This VTR has has two heads and a scanning speed of 1500 inches per second.
The tape is two inches wide, and at 8 inches per second a 4800 foot spool
gives two hours of program time. The machine measures 49" x 28" x 62" and
has the reels at waist height for easy loading and the monitors at eye
level. All edit modes are provided through its built in electronic editor.
drum is smaller than in other IVC helical machines, with only a 5-1/4"
wrap of tape. The picture is divided into 54 line segments compared to
the 16 line segment of a quad machine. This gives a high quality picture
which has sufficient time base stability for broadcasting.
new track lay out had been devised. The cue track is an audio track of
lesser quality than the main audio tracks. The control track has been moved
inboard from the edge of the tape for protection, and a new track had been
added outside this for SMPTE or other edit codes. All of these tracks
can be erased and recorded separately from each other, and none of them
interfered with the video.
new mechanical features had been included. The motor mounting board is
made of a special "waffle" construction to give added rigidity to the transport.
The tape tension is kept constant by vacuum columns for tape loops, and
servo controlled reel motors, with optical sensors on the tape loops. The
system can control tension even in rewind and fast forward, which was one
of the problems of the quad head machines. This transport system allows
the use of nonmetallic capstan, which can drive the tape without a pressure
ferrite heads with a 1500 hour life span are used. These have a frequency
response to 18 Mhz, which permits FM frequencies of 9 to 12 Mhz to be used.
This is ideal for PAL and SECAM, which use higher frequencies than
the NTSC color system. The short tracks allow smooth switching and good
RF recovery from the tape.
the time base errors can be corrected to +/- 1. 6 nS. The machine can be
advanced or retarded by 64 microseconds, about one horizontal line, in
steps of 127 nS. This is controlled by a 7.875 Mhz master oscillator which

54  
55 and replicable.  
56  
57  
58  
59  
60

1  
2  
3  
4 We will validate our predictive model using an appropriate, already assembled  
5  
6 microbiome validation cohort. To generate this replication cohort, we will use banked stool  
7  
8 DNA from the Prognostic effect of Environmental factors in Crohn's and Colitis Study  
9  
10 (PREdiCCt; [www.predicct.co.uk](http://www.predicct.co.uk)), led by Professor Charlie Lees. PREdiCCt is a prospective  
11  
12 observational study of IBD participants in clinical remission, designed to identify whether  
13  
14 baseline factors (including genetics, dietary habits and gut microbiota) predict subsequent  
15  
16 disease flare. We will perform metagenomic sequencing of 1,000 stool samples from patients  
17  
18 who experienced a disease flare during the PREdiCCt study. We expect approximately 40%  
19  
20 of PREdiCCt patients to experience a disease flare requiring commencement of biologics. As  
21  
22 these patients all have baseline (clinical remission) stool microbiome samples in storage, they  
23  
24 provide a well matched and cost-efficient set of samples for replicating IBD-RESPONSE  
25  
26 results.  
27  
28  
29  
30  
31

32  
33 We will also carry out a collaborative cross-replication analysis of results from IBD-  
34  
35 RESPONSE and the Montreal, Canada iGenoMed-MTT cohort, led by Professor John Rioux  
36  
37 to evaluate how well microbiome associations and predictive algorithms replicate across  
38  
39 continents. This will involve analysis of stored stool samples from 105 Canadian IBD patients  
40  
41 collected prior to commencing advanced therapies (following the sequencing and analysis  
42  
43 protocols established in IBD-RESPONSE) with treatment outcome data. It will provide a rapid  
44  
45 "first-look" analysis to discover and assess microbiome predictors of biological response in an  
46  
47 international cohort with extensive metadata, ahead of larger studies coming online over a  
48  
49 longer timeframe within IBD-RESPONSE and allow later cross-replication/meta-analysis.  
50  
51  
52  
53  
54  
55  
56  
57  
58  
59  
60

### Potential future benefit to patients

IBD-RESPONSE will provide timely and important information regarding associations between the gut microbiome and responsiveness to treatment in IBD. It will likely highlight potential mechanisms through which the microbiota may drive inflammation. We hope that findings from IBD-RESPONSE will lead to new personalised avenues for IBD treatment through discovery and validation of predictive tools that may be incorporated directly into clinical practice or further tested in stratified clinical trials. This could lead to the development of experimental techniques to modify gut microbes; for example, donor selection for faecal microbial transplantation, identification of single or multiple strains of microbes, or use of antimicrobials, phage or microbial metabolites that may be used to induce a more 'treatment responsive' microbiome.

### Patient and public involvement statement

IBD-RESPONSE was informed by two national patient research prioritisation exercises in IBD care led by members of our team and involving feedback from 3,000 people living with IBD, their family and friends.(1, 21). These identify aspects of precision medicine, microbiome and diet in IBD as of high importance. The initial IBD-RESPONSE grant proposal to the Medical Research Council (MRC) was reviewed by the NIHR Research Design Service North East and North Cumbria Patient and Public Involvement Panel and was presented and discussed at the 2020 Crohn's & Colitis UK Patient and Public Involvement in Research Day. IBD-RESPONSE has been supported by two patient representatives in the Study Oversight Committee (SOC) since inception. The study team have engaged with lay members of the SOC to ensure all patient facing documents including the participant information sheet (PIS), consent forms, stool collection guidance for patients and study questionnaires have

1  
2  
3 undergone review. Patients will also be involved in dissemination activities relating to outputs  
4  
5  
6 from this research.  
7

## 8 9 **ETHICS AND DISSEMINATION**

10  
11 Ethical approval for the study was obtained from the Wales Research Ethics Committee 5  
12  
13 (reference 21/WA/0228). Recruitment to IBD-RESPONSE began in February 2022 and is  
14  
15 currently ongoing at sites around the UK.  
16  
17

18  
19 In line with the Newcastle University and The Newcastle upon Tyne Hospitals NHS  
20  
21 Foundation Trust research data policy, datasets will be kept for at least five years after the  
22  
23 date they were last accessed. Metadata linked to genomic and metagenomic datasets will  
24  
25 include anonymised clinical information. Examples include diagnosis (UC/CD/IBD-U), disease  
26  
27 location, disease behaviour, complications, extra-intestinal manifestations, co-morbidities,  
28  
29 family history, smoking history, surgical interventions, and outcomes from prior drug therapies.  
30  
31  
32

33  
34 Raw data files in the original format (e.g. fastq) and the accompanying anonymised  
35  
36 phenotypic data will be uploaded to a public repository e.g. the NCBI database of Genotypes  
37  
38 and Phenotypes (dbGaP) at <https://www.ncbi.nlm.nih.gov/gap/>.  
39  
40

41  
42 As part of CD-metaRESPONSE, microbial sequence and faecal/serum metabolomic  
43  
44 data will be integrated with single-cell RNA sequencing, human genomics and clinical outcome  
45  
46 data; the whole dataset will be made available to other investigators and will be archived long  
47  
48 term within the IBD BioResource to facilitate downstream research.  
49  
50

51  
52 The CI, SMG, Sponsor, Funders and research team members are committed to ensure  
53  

also acts as the reference for all the servos. This frequency is chosen
because it is an exact multiple of the horizontal frequencies in both the
525 and 625 line systems.
outputs are compared during the burst time and are set to be equal, thus
preventing banding in the playback mode. After head switching, a chroma
to luminance ratio is set, either manually or automatically.
[CLICK HERE] to
read four technical papers about the IVC-9000.
Since the time base errors are effected by the drum velocity, tape velocity,
and tape tension, a total of four servos are used. These are the head drum
servo, capstan servo, tension servo, and reel servo. All are very tightly
controlled and are much more complicated than those usually found in VTRs.
The head drum is driven by an unusual DC motor which has a high resolution
optical disc attached to it for servo feedback control. The disc has 40
lines scored on it, and at the proper rate of rotation, it produces a 6
Khz signal. The capstan motor is a permanent magnet DC motor, which has
a similar disc with 1500 lines.
These are getting
rare. Unofficially, only about 35 machines were ever built. When I got
this one, two others went to the land fill. From asking around, I estimate
that over half of all of the 9000s ever made are now history. Originally
selling for over $220,000 a piece in the early 1980's, I got this one for
only $200 in 2001. As usual, "It was working when it was last used". Yeah,
like in 1989! This poor thing sat in a dusty warehouse for almost 10 years
before being rescued from oblivion by yours truly. The dirt is very thick
on this old fella. It will take a lot of TLC to get it running. Stay tuned
as the cleaning and restoration continues!
VTR #1 from a company called The Post Group, formerly located in Los Angeles.
I guess they are no longer in business. Some of you folks, out there, may
have edited your TV programs on this very machine! If so, please
write and share your anecdotes with the other readers of this page.
photo shows the machine as I found it, still sitting in the warehouse in
Los Angeles. I thought the touch of whimsy was totally appropriate, since
just hiking through the building to get to the VTR had gotten me as dirty
as the rest of the place! The second photo shows the deck covers open,
revealing the myriad of complex tape threading paths and electronics controls.
The third photo shows the electronics cage and, below that, the DC power
supplies. The fourth photo is a nice close look at the deck. The V shaped
assembly below the head drum is the vacuum tension columns where the tape
was pulled into during operation. This system is one of the most complex
transports ever built. It is really a "helical-ized" quad machine. Think
Ampex, look familiar?
all of the manuals and the complete machine. It still requires an external
supply of dry compressed air and 220 volt service. If you have any parts,
info, tapes, etc., that you would like rescued from the well of time, just
drop me a line and I am always enthusiastic to help! The rubber rollers
have attained a lovely liquid consistency resembling road tar. Spare parts
might be a groove too!